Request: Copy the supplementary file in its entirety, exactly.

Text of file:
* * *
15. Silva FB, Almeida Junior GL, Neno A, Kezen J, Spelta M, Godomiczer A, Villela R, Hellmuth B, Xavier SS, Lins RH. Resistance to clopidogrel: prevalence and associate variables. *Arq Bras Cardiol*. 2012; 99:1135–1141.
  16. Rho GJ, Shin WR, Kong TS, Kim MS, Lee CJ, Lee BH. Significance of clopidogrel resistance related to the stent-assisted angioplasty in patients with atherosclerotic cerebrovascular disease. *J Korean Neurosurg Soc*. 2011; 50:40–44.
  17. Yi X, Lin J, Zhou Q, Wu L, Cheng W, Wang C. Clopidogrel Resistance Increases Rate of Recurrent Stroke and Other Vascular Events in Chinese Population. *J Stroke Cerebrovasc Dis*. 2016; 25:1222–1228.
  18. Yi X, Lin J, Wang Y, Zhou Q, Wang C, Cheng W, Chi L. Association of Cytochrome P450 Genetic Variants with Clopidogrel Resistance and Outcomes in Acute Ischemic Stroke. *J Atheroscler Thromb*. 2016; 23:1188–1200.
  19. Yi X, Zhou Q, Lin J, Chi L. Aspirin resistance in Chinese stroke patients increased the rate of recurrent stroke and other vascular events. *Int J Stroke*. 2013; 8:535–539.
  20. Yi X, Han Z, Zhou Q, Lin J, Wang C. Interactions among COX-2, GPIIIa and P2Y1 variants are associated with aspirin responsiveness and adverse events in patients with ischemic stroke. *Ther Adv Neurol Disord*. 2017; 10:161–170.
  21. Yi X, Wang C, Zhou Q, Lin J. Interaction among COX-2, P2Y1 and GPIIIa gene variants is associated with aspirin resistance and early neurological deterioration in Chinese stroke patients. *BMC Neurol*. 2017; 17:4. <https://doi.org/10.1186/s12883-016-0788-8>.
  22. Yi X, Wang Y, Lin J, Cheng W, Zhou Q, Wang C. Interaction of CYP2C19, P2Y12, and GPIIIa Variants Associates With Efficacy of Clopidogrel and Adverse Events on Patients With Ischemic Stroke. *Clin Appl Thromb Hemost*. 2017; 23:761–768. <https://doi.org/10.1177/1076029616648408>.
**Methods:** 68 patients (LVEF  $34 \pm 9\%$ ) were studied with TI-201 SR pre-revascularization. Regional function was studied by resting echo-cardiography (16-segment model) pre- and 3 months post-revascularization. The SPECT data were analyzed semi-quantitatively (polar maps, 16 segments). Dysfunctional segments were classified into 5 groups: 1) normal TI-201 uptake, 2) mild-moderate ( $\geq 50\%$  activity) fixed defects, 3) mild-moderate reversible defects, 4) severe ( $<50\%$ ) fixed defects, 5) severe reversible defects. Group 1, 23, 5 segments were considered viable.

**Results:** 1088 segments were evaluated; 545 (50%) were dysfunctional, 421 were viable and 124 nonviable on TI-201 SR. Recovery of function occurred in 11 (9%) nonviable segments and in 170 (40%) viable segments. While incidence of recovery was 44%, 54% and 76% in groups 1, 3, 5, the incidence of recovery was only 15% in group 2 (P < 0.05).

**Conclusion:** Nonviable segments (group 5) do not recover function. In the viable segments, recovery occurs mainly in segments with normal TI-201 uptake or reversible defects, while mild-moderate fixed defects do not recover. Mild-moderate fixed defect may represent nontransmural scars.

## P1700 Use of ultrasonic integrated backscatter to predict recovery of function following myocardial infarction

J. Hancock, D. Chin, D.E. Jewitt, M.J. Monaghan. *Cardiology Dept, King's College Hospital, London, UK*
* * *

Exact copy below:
15. Silva FB, Almeida Junior GL, Neno A, Kezen J, Spelta M, Godomiczer A, Villela R, Hellmuth B, Xavier SS, Lins RH. Resistance to clopidogrel: prevalence and associate variables. *Arq Bras Cardiol*. 2012; 99:1135–1141.
  16. Rho GJ, Shin WR, Kong TS, Kim MS, Lee CJ, Lee BH. Significance of clopidogrel resistance related to the stent-assisted angioplasty in patients with atherosclerotic cerebrovascular disease. *J Korean Neurosurg Soc*. 2011; 50:40–44.
  17. Yi X, Lin J, Zhou Q, Wu L, Cheng W, Wang C. Clopidogrel Resistance Increases Rate of Recurrent Stroke and Other Vascular Events in Chinese Population. *J Stroke Cerebrovasc Dis*. 2016; 25:1222–1228.
  18. Yi X, Lin J, Wang Y, Zhou Q, Wang C, Cheng W, Chi L. Association of Cytochrome P450 Genetic Variants with Clopidogrel Resistance and Outcomes in Acute Ischemic Stroke. *J Atheroscler Thromb*. 2016; 23:1188–1200.
  19. Yi X, Zhou Q, Lin J, Chi L. Aspirin resistance in Chinese stroke patients increased the rate of recurrent stroke and other vascular events. *Int J Stroke*. 2013; 8:535–539.
  20. Yi X, Han Z, Zhou Q, Lin J, Wang C. Interactions among COX-2, GPIIIa and P2Y1 variants are associated with aspirin responsiveness and adverse events in patients with ischemic stroke. *Ther Adv Neurol Disord*. 2017; 10:161–170.
  21. Yi X, Wang C, Zhou Q, Lin J. Interaction among COX-2, P2Y1 and GPIIIa gene variants is associated with aspirin resistance and early neurological deterioration in Chinese stroke patients. *BMC Neurol*. 2017; 17:4. <https://doi.org/10.1186/s12883-016-0788-8>.
  22. Yi X, Wang Y, Lin J, Cheng W, Zhou Q, Wang C. Interaction of CYP2C19, P2Y12, and GPIIIa Variants Associates With Efficacy of Clopidogrel and Adverse Events on Patients With Ischemic Stroke. *Clin Appl Thromb Hemost*. 2017; 23:761–768. <https://doi.org/10.1177/1076029616648408>.
**Methods:** 68 patients (LVEF  $34 \pm 9\%$ ) were studied with TI-201 SR pre-revascularization. Regional function was studied by resting echo-cardiography (16-segment model) pre- and 3 months post-revascularization. The SPECT data were analyzed semi-quantitatively (polar maps, 16 segments). Dysfunctional segments were classified into 5 groups: 1) normal TI-201 uptake, 2) mild-moderate ( $\geq 50\%$  activity) fixed defects, 3) mild-moderate reversible defects, 4) severe ( $<50\%$ ) fixed defects, 5) severe reversible defects. Group 1, 23, 5 segments were considered viable.

**Results:** 1088 segments were evaluated; 545 (50%) were dysfunctional, 421 were viable and 124 nonviable on TI-201 SR. Recovery of function occurred in 11 (9%) nonviable segments and in 170 (40%) viable segments. While incidence of recovery was 44%, 54% and 76% in groups 1, 3, 5, the incidence of recovery was only 15% in group 2 (P < 0.05).

**Conclusion:** Nonviable segments (group 5) do not recover function. In the viable segments, recovery occurs mainly in segments with normal TI-201 uptake or reversible defects, while mild-moderate fixed defects do not recover. Mild-moderate fixed defect may represent nontransmural scars.

## P1700 Use of ultrasonic integrated backscatter to predict recovery of function following myocardial infarction

J. Hancock, D. Chin, D.E. Jewitt, M.J. Monaghan. *Cardiology Dept, King's College Hospital, London, UK*